March 14, 2008

To Iraq. And back.

Reviewer: James van Maanen

To Iraq. And back. Followed by torture, terrorism, genocide--and history.

The films under consideration and their ratings (out of five):
Redacted (* * *½)
In the Valley of Elah (* * *½)
Rendition (* * * *)
Terror's Advocate (* * *)
Screamers (* * *)
Goya's Ghosts (* * * *½)

One of the beauties of DVDs is that you can rent a batch of similarly-themed movies and--over a weekend or a week--expand your knowledge and appreciation of our world due to the opportunity to see these films (along with their "Special Feature" extras) as a group in which one enriches the next and/or harks back to its predecessor. A single day in February saw the release of four such movies (Redacted, Rendition, In the Valley of Elah and Terror's Advocate) preceded one week earlier by Screamers and followed the week after by Goya's Ghosts , a film that surprised me by unexpectedly bringing many of the themes of the former five together under the panoply of history.


Brian De Palma's Redacted is commendable for a number of reasons, not the least of which is that it is only the second movie I know of (after Philip Haas' The Situation) to deal with the current Iraq war as narrative rather than documentary--even though the incident on which it is based should be well-known to anyone who has followed this despicable war. During festival jaunts and upon its commercial release, the film divided critics. Commercial audiences, as expected, stayed away in droves. DVD may be the perfect format in which to view this ragged, challenging, alternately moving, funny and frightening feature that uses several video formats (home movies via camcorder, stationery surveillance cameras, a documentary being made by a French crew and Al Jazeera-like newscasts) to piece its story together.

Writer/director De Palma has done a fine job of assembling the pieces: his movie clips along at a good pace, and you won't get lost amidst the disparate characters and locations. You'll also come to know enough about the recruits to understand their actions--which is what I think De Palma most wants us to do. This does not mean we approve, but simply better comprehend. We may also begin to ask some worthwhile (if nearly eight-year-old) questions: What kind of soldiers are we accepting into the military today? What kind of training (not to mention protection--armor and the like) are we giving them? Only at its end does the movie feel both forced and not enough. Perhaps the actors did not rise to the occasion, or maybe the finale in the bar was not the best choice of a concluding scene. Even if De Palma means to lay responsibility at the feet of Americans who blindly elect incompetent leaders and then follow them into the abyss (a point I would agree with), what we see and hear seems underwritten and overacted. Still, what precedes this scene puts you squarely in the soldiers' position and sculpts events so that they cohere about as well as anything I've seen--including most of the documentaries.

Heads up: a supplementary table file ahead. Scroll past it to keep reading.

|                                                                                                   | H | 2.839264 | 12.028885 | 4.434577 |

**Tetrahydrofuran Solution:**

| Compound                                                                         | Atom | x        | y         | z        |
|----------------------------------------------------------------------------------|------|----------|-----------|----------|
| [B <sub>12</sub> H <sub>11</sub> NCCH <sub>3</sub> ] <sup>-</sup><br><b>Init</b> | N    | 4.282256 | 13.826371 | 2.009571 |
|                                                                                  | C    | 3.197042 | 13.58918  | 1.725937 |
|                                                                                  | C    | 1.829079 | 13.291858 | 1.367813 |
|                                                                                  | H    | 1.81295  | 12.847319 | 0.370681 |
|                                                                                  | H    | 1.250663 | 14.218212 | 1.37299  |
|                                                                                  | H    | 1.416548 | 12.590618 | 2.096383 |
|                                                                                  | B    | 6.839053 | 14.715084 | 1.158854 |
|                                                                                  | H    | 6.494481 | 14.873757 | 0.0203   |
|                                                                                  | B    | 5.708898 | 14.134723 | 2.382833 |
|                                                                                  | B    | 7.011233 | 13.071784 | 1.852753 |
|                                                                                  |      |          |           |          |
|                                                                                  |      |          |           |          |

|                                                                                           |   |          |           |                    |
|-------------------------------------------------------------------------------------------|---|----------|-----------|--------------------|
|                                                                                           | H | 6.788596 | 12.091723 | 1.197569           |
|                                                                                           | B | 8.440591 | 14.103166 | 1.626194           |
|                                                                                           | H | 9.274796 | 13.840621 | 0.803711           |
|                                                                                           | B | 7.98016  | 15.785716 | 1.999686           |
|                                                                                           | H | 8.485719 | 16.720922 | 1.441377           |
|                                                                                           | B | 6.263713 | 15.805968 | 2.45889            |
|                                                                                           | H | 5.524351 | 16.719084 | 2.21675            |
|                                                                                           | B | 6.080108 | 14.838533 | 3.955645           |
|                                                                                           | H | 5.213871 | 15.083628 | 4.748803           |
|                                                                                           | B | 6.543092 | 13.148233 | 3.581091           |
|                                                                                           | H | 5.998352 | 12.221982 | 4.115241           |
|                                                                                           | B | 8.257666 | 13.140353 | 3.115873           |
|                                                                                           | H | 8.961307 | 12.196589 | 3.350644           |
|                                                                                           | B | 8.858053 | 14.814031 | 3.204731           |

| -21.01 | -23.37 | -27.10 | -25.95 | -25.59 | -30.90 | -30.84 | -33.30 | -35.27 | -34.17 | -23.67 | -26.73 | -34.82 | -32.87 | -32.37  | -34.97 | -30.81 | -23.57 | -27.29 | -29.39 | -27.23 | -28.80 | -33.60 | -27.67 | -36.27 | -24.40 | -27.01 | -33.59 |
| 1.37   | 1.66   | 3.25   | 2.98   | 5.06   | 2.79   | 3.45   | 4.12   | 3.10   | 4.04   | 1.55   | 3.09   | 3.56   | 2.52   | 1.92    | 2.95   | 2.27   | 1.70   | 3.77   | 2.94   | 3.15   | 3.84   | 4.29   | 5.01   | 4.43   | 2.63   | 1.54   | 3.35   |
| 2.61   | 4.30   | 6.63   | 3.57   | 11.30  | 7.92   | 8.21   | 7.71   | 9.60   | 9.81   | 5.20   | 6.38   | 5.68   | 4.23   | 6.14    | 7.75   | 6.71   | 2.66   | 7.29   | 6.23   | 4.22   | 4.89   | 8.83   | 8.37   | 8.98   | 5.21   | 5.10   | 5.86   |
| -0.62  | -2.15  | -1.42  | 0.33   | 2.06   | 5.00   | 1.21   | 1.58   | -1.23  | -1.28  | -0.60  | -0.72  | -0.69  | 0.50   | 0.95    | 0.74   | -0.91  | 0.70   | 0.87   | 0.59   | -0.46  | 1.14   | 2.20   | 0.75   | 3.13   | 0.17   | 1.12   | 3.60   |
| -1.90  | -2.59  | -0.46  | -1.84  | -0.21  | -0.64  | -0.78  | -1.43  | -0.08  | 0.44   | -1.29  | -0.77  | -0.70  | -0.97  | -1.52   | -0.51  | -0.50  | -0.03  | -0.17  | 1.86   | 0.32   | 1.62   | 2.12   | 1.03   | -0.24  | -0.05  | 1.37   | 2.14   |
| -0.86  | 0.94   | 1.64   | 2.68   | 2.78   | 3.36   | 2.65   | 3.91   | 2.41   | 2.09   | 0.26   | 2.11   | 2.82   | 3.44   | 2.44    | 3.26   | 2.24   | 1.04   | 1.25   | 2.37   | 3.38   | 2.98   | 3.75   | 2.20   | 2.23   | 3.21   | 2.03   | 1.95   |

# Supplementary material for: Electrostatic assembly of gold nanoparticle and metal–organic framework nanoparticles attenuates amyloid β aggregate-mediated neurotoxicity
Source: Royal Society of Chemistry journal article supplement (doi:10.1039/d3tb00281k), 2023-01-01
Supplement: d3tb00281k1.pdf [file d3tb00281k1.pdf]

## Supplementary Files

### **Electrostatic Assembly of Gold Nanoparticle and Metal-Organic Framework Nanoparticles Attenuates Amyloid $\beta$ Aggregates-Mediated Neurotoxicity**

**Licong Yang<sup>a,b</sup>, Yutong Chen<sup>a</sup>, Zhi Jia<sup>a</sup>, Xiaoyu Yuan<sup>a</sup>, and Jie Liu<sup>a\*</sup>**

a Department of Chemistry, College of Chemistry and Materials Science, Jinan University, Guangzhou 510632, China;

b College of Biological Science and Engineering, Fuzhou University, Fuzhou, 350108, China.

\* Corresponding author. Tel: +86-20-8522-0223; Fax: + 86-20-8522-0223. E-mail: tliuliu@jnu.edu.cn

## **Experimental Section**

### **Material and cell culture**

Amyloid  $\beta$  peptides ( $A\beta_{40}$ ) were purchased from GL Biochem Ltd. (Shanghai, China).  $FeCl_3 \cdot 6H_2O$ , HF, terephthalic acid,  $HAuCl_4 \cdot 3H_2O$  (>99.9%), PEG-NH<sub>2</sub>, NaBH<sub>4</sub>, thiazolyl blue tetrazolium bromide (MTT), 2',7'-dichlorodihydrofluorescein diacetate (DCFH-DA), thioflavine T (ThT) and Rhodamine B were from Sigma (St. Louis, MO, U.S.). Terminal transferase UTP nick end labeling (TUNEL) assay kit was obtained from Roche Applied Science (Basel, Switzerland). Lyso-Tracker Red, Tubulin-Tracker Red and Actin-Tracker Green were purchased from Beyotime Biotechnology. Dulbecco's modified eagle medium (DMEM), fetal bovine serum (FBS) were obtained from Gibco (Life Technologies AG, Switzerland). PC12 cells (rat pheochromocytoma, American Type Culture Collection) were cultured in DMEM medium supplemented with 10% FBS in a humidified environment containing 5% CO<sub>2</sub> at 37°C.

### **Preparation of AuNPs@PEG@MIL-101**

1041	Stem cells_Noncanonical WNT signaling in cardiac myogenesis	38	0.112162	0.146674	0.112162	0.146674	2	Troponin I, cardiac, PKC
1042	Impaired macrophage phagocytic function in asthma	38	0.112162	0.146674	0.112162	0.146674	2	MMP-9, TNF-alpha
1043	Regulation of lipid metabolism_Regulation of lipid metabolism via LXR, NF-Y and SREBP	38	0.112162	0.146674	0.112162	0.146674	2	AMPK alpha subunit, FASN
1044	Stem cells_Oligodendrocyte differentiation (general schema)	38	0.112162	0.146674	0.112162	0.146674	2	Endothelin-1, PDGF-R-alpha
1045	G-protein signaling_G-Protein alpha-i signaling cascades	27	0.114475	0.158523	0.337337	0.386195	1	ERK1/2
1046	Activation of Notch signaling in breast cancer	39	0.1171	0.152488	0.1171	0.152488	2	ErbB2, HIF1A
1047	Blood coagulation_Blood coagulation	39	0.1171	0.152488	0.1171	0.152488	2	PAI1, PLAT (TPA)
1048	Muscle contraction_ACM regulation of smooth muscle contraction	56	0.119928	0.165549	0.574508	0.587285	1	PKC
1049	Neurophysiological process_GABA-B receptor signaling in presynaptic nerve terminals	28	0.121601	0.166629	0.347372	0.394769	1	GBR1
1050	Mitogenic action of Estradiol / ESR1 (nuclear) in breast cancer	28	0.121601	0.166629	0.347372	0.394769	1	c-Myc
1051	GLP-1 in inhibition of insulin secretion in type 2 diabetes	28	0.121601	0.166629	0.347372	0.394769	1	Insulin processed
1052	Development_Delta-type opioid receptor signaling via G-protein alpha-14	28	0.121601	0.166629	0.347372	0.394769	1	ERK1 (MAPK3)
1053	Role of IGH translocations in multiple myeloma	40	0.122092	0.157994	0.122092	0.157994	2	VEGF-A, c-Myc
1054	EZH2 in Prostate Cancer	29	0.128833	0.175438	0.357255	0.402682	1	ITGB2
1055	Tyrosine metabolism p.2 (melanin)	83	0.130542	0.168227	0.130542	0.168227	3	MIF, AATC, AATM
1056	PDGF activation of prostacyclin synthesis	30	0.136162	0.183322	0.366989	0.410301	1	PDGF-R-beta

The return of American soldiers from the first Iraq war, in which there was little or no "ground" action, nonetheless left some infantrymen (and women) in terrible disrepair, suffering ailments our military either refused to acknowledge or swept under the usual carpet (remember Agent Orange from Vietnam?). The current Iraq war will leave returning soldiers--and our country--much worse off, which is the point of writer/director (from a story co-written with Mark Boal) Paul Haggis' In the Valley of Elah. The title pertains to the Biblical location in which David slew Goliath, and it is among the few symbolic notions that Haggis has needlessly dragged into his movie and then made too much of (he had a lot more of these in his overrated Crash). The story--in which Tommy Lee Jones plays a father insistently looking for answers to his Iraq War vet son's disappearance--is no metaphor and is sturdy enough to stand on its own.

Basically an "investigation" movie (of a crime, of the military then and now, of soldiers' bonding, of prejudice and more), Elah boasts generally good writing and direction plus fine performances from Jones, Charlize Theron and a number of young and old men who play soldiers, current and ex-. In the course of the investigation, what slowly becomes clear is scary indeed. Who are these men returning from Iraq, what have they become, and how will our society be able to cope with them? If the denouement is a tad obvious (a quality Haggis demonstrated both in Crash and in his screenplay for Million Dollar Baby), it also seems truthful. And the aftermath has barely begun.